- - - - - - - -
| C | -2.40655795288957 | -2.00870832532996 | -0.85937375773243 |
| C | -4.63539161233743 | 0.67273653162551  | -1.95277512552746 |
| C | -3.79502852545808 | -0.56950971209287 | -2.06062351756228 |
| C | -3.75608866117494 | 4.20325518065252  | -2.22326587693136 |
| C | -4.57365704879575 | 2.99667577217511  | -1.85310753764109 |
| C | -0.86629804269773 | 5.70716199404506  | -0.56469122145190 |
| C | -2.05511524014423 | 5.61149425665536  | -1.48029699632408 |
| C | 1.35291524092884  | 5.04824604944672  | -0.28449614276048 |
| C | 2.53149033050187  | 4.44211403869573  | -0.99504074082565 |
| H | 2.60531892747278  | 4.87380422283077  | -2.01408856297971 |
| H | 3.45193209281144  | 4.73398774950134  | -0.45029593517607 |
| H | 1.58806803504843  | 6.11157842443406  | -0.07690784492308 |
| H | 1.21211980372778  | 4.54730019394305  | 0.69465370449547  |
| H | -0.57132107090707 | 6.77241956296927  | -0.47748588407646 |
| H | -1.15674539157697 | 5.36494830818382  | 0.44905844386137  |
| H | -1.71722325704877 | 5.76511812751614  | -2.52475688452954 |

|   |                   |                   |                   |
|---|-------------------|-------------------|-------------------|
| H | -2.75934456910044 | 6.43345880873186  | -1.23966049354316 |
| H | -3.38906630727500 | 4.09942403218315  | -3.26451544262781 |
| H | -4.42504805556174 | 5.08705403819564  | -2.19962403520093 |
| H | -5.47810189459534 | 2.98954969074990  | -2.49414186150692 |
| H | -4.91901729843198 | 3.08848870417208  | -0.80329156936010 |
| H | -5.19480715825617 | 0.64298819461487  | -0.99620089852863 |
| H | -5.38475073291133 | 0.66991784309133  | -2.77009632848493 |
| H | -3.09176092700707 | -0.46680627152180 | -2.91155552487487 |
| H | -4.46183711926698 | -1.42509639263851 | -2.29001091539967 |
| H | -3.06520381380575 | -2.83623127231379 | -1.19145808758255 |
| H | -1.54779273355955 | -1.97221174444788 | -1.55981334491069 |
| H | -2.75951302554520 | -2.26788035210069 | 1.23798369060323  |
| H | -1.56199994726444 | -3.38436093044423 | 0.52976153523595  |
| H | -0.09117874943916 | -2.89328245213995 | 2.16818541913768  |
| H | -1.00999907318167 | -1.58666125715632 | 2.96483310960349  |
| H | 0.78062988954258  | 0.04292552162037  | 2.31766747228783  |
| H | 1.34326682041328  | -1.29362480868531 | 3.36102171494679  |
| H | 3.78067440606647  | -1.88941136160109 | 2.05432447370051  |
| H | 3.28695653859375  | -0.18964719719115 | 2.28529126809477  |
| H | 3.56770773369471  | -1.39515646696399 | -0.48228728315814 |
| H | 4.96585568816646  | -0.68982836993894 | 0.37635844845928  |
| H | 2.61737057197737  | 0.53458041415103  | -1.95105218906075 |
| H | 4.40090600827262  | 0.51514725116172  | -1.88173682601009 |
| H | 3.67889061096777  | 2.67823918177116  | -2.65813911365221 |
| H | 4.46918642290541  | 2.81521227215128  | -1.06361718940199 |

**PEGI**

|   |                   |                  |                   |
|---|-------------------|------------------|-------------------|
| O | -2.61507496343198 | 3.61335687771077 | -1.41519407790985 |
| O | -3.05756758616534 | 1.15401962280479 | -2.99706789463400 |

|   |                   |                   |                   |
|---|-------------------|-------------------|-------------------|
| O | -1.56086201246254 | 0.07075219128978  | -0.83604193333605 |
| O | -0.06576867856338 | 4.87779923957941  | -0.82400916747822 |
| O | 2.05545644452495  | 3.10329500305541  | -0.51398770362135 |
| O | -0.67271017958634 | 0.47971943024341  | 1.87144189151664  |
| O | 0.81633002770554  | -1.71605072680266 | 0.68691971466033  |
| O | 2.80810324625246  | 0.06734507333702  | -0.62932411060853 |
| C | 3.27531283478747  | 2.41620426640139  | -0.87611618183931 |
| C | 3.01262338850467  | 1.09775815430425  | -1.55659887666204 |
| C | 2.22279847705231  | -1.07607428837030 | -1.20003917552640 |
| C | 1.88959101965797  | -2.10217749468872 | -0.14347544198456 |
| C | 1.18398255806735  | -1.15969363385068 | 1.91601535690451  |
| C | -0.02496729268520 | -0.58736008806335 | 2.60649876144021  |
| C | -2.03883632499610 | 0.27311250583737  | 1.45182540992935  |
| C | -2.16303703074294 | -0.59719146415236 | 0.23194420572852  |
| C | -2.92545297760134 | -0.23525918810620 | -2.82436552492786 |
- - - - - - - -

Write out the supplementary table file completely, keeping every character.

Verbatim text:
| C | -2.40655795288957 | -2.00870832532996 | -0.85937375773243 |
| C | -4.63539161233743 | 0.67273653162551  | -1.95277512552746 |
| C | -3.79502852545808 | -0.56950971209287 | -2.06062351756228 |
| C | -3.75608866117494 | 4.20325518065252  | -2.22326587693136 |
| C | -4.57365704879575 | 2.99667577217511  | -1.85310753764109 |
| C | -0.86629804269773 | 5.70716199404506  | -0.56469122145190 |
| C | -2.05511524014423 | 5.61149425665536  | -1.48029699632408 |
| C | 1.35291524092884  | 5.04824604944672  | -0.28449614276048 |
| C | 2.53149033050187  | 4.44211403869573  | -0.99504074082565 |
| H | 2.60531892747278  | 4.87380422283077  | -2.01408856297971 |
| H | 3.45193209281144  | 4.73398774950134  | -0.45029593517607 |
| H | 1.58806803504843  | 6.11157842443406  | -0.07690784492308 |
| H | 1.21211980372778  | 4.54730019394305  | 0.69465370449547  |
| H | -0.57132107090707 | 6.77241956296927  | -0.47748588407646 |
| H | -1.15674539157697 | 5.36494830818382  | 0.44905844386137  |
| H | -1.71722325704877 | 5.76511812751614  | -2.52475688452954 |

|   |                   |                   |                   |
|---|-------------------|-------------------|-------------------|
| H | -2.75934456910044 | 6.43345880873186  | -1.23966049354316 |
| H | -3.38906630727500 | 4.09942403218315  | -3.26451544262781 |
| H | -4.42504805556174 | 5.08705403819564  | -2.19962403520093 |
| H | -5.47810189459534 | 2.98954969074990  | -2.49414186150692 |
| H | -4.91901729843198 | 3.08848870417208  | -0.80329156936010 |
| H | -5.19480715825617 | 0.64298819461487  | -0.99620089852863 |
| H | -5.38475073291133 | 0.66991784309133  | -2.77009632848493 |
| H | -3.09176092700707 | -0.46680627152180 | -2.91155552487487 |
| H | -4.46183711926698 | -1.42509639263851 | -2.29001091539967 |
| H | -3.06520381380575 | -2.83623127231379 | -1.19145808758255 |
| H | -1.54779273355955 | -1.97221174444788 | -1.55981334491069 |
| H | -2.75951302554520 | -2.26788035210069 | 1.23798369060323  |
| H | -1.56199994726444 | -3.38436093044423 | 0.52976153523595  |
| H | -0.09117874943916 | -2.89328245213995 | 2.16818541913768  |
| H | -1.00999907318167 | -1.58666125715632 | 2.96483310960349  |
| H | 0.78062988954258  | 0.04292552162037  | 2.31766747228783  |
| H | 1.34326682041328  | -1.29362480868531 | 3.36102171494679  |
| H | 3.78067440606647  | -1.88941136160109 | 2.05432447370051  |
| H | 3.28695653859375  | -0.18964719719115 | 2.28529126809477  |
| H | 3.56770773369471  | -1.39515646696399 | -0.48228728315814 |
| H | 4.96585568816646  | -0.68982836993894 | 0.37635844845928  |
| H | 2.61737057197737  | 0.53458041415103  | -1.95105218906075 |
| H | 4.40090600827262  | 0.51514725116172  | -1.88173682601009 |
| H | 3.67889061096777  | 2.67823918177116  | -2.65813911365221 |
| H | 4.46918642290541  | 2.81521227215128  | -1.06361718940199 |

**PEGI**

|   |                   |                  |                   |
|---|-------------------|------------------|-------------------|
| O | -2.61507496343198 | 3.61335687771077 | -1.41519407790985 |
| O | -3.05756758616534 | 1.15401962280479 | -2.99706789463400 |

|   |                   |                   |                   |
|---|-------------------|-------------------|-------------------|
| O | -1.56086201246254 | 0.07075219128978  | -0.83604193333605 |
| O | -0.06576867856338 | 4.87779923957941  | -0.82400916747822 |
| O | 2.05545644452495  | 3.10329500305541  | -0.51398770362135 |
| O | -0.67271017958634 | 0.47971943024341  | 1.87144189151664  |
| O | 0.81633002770554  | -1.71605072680266 | 0.68691971466033  |
| O | 2.80810324625246  | 0.06734507333702  | -0.62932411060853 |
| C | 3.27531283478747  | 2.41620426640139  | -0.87611618183931 |
| C | 3.01262338850467  | 1.09775815430425  | -1.55659887666204 |
| C | 2.22279847705231  | -1.07607428837030 | -1.20003917552640 |
| C | 1.88959101965797  | -2.10217749468872 | -0.14347544198456 |
| C | 1.18398255806735  | -1.15969363385068 | 1.91601535690451  |
| C | -0.02496729268520 | -0.58736008806335 | 2.60649876144021  |
| C | -2.03883632499610 | 0.27311250583737  | 1.45182540992935  |
| C | -2.16303703074294 | -0.59719146415236 | 0.23194420572852  |
| C | -2.92545297760134 | -0.23525918810620 | -2.82436552492786 |